Responding to Irom Sharmila

August 11, 2016 02:09 am | Updated December 04, 2021 11:01 pm IST

Under a high Imphal sky on August 9, >Irom Chanu Sharmila finally set herself free from an indefinite hunger strike . As the events of the day unfolded in the Manipur capital, it became poignantly clear that the act of breaking the fast was as much an uncommon act of resistance as her long and brave struggle these past 16 years against atrocity. She has done so with a sense of individual agency, writing poetry, and constantly speaking up with moral clarity. Ms. Sharmila had refused to take food or drink since November 5, 2000, >till the Armed Forces (Special Powers) Act was rolled back and the security forces were denied the cloak of immunity in suspected human rights violations. Soon enough she had been arrested, force-fed in a Special Ward at the Jawaharlal Nehru Institute of Medical Sciences that served as her prison, to be released every year and re-arrested. She made the occasional journey out of Imphal, but never one to her family home within the city, >having promised her mother that they would meet only once AFSPA was repealed . Now, when she chose to call off the fast, to join the electoral process and even try to become Chief Minister of Manipur, >she found she had nowhere to go . Driven, variously, by a sense of betrayal and a fear of underground groups, nobody would shelter her on Tuesday. And she found herself back at the hospital.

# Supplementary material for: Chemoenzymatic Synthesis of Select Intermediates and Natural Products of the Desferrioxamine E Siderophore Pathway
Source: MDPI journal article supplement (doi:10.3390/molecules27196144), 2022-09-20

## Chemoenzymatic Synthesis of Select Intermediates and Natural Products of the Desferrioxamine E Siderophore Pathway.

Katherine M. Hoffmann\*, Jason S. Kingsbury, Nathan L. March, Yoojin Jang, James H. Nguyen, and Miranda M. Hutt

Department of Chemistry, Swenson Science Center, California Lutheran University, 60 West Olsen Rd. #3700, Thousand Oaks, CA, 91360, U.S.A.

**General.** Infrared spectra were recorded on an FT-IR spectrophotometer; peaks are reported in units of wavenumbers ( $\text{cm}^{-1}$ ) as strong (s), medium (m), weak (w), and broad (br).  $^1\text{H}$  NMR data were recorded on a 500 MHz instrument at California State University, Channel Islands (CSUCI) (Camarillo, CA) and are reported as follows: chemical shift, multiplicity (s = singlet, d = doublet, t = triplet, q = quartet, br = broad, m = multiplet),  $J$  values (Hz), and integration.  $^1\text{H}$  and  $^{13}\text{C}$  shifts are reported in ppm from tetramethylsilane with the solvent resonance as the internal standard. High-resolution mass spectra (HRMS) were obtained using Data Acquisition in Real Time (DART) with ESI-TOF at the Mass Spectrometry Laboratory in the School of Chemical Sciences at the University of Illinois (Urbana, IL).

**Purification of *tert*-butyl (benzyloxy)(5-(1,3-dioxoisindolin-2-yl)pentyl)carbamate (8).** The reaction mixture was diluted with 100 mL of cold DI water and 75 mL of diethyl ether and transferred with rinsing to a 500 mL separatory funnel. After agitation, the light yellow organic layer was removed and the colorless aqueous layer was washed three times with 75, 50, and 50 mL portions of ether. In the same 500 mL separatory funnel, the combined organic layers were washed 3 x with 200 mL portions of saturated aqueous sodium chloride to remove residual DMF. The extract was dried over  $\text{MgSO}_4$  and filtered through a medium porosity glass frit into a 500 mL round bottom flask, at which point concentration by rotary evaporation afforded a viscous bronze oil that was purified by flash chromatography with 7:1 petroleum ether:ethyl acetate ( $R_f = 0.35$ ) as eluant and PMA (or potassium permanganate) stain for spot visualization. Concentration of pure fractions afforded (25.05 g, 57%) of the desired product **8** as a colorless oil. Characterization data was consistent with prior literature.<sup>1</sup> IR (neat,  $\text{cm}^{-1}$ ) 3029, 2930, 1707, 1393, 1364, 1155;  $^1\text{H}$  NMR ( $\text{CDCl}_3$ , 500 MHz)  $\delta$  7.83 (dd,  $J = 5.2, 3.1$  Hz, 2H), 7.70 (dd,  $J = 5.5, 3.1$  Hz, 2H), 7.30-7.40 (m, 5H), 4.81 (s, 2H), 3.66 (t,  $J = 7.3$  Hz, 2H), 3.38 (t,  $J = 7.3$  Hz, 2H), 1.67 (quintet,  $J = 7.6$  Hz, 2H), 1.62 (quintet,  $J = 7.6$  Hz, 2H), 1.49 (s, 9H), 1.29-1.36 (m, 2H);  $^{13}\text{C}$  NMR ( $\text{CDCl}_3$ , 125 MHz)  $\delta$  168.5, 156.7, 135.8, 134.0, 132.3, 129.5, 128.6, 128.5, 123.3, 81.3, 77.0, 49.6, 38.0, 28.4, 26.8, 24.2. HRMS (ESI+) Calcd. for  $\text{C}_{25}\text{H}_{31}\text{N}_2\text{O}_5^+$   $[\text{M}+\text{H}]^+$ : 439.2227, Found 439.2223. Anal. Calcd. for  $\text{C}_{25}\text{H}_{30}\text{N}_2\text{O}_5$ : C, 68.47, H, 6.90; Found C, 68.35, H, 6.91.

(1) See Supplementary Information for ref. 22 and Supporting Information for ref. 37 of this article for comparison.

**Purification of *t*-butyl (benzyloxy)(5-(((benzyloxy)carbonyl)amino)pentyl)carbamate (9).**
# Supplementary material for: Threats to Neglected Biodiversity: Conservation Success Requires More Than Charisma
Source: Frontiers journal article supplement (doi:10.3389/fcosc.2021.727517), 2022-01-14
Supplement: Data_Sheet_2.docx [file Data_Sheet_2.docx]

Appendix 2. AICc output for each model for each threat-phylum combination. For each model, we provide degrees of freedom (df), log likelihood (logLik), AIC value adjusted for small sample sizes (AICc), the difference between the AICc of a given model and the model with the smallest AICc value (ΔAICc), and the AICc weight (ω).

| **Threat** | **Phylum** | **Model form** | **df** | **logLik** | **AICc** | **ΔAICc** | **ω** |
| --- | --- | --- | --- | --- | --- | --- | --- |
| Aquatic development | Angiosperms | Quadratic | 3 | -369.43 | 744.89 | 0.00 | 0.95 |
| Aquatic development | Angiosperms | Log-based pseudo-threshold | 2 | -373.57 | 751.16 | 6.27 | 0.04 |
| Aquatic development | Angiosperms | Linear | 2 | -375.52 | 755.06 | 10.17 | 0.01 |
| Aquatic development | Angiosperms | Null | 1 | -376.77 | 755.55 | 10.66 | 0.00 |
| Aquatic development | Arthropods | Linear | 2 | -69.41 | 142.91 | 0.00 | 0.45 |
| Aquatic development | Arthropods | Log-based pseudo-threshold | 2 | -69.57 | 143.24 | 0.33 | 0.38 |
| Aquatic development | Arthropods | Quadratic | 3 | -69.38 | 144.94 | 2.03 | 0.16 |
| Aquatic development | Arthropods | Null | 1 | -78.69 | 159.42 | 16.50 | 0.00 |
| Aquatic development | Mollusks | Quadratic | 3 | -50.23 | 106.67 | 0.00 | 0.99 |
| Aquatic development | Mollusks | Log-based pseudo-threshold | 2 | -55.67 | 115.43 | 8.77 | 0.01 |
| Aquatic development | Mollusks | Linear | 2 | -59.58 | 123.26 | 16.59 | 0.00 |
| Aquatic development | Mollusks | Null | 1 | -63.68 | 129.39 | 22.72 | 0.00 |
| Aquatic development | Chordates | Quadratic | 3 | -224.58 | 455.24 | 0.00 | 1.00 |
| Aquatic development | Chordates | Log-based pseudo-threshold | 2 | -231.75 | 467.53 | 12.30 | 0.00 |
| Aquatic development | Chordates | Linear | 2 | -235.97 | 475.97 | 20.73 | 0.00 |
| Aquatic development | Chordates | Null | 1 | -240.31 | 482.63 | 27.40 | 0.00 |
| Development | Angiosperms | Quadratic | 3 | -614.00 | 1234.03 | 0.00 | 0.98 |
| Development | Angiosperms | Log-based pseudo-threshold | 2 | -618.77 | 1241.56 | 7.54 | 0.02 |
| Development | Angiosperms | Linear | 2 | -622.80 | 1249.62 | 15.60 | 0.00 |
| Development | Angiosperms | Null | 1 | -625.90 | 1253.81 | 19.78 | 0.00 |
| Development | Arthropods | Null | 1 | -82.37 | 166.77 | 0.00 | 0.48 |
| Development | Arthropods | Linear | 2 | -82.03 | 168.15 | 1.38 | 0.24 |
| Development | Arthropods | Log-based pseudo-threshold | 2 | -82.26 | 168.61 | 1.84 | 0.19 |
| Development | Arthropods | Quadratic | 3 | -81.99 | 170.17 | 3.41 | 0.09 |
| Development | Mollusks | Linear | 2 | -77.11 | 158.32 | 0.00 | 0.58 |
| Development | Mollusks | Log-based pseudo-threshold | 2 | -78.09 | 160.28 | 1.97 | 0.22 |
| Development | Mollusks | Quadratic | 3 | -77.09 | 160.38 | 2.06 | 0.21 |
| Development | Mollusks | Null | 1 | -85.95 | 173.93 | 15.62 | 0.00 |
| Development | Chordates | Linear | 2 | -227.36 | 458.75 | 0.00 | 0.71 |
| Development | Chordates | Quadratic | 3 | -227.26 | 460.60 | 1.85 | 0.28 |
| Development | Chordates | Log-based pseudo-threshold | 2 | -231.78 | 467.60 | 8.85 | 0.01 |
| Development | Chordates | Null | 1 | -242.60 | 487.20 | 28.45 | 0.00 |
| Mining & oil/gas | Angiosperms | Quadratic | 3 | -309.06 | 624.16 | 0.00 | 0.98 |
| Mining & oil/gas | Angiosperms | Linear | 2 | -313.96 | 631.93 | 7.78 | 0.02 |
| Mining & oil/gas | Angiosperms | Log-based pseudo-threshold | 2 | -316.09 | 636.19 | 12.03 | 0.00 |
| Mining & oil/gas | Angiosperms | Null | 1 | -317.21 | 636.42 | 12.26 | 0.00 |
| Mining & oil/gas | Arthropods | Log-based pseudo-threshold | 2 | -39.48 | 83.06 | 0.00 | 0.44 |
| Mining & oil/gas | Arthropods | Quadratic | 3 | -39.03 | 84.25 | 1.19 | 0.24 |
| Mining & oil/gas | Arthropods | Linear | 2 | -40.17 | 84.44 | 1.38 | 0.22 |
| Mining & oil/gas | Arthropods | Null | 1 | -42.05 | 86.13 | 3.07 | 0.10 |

> READ | Red Cross opens doors to Irom Sharmila

The fresh turns in Ms. Sharmila’s story — the ending of the fast, her desire to join the political process and her peculiar isolation — set a mirror to the state and society. As long as she was on fast, she was in a comfortable zone for both. For the state, the Gandhian non-violence implicit in her method allowed a comparison with the violence of others, positioning her as the good protester, as it were. And in fact it was the unflinching protest by Manipuri women at Imphal’s Kangla fort in 2004 that forced New Delhi to withdraw AFSPA from parts of the State. For others, Ms. Sharmila became the representative of a popular desire to hold the highest moral ground, even as they went on with their lives, though all in the face of the kind of government apathy in Manipur that must shame this country. Reading the intent behind Ms. Sharmila’s decision to pick up the threads of a personal life is akin to a Rorschach test. It’s pointless. But the breaking of the fast is a highly political act too. It demands that we respond to the cause she has given her adult life to. For herself, she has chosen to place faith in the electoral process for reform, a far more messy and risky option than the high pedestal of unyielding non-cooperation she had secured.

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